a b c d e f The permutation is composed of cycles.EventSymmetric String Theory 193 rigorous way to define an infinitedimensional supersymmetry algebra of string theory which was of interest to mathematicians. I was a little surprised when Richard quickly replied to tell me that my algebra did not quite work. An example would look like this. one of length 2 and one of length 4. In fact he too had already looked at Kaku‟s definitions of superstring gauge theory and had found that they were flawed. the flaw itself gave the clue to how it should be repaired. I knew that they were not the same thing but perhaps there would be a relation between them.. He had found a particular case which failed to satisfy the Jacobi identity. as so often happens. E To introduce closed loops we define permutations on these sequences. I had to extend my algebra to include more than one loop at a time. . a. He easily found a similar fault in my discrete string versions. Start with a set E of N events. Fortunately. and I had to allow them to interact by touching at more than one point of contact so that two loops which could come together and split into two others. I sent an email to Richard with an explanation of my supersymmetry algebra. At first it seemed like this was going to be even harder to define but I found that actually there was a conceptually simpler way to do it. This new way would give further clues about what the algebra meant. In the example there are two cycles. b. The permutation can be shown as arrows going from each event to another (or itself). Write sequences of events in the same way as for the open strings A = abcdef. But the order of the events across the page is also important. .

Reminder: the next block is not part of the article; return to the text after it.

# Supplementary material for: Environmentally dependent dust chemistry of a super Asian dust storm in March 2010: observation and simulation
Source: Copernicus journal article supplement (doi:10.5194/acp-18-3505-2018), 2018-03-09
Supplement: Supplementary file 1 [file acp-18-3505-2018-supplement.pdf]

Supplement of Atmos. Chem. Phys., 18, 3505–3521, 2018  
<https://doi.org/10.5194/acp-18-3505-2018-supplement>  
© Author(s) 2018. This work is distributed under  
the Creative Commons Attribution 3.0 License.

194 EventSymmetric SpaceTime As before these objects form the basis of a vector space. To get a complete relation the ends of the string in these diagrams must be connected to something. The empty sequence is a unit for this algebra. If they are just joined together the following two equations can be formed. The sign is reversed and if the two events are the same an extra reduced term must be included. a b + b a = 2ab a b + b a = 2 ab . a b + b a 2ab = This says that the order of two events can be interchanged keeping the loop connections intact. An associative algebra is defined on these objects by simply taking multiplication to be concatenation of two of these objects together. A more interesting algebra is now formed by factoring out a set of relationships among these elements. The relations are defined in the following diagram.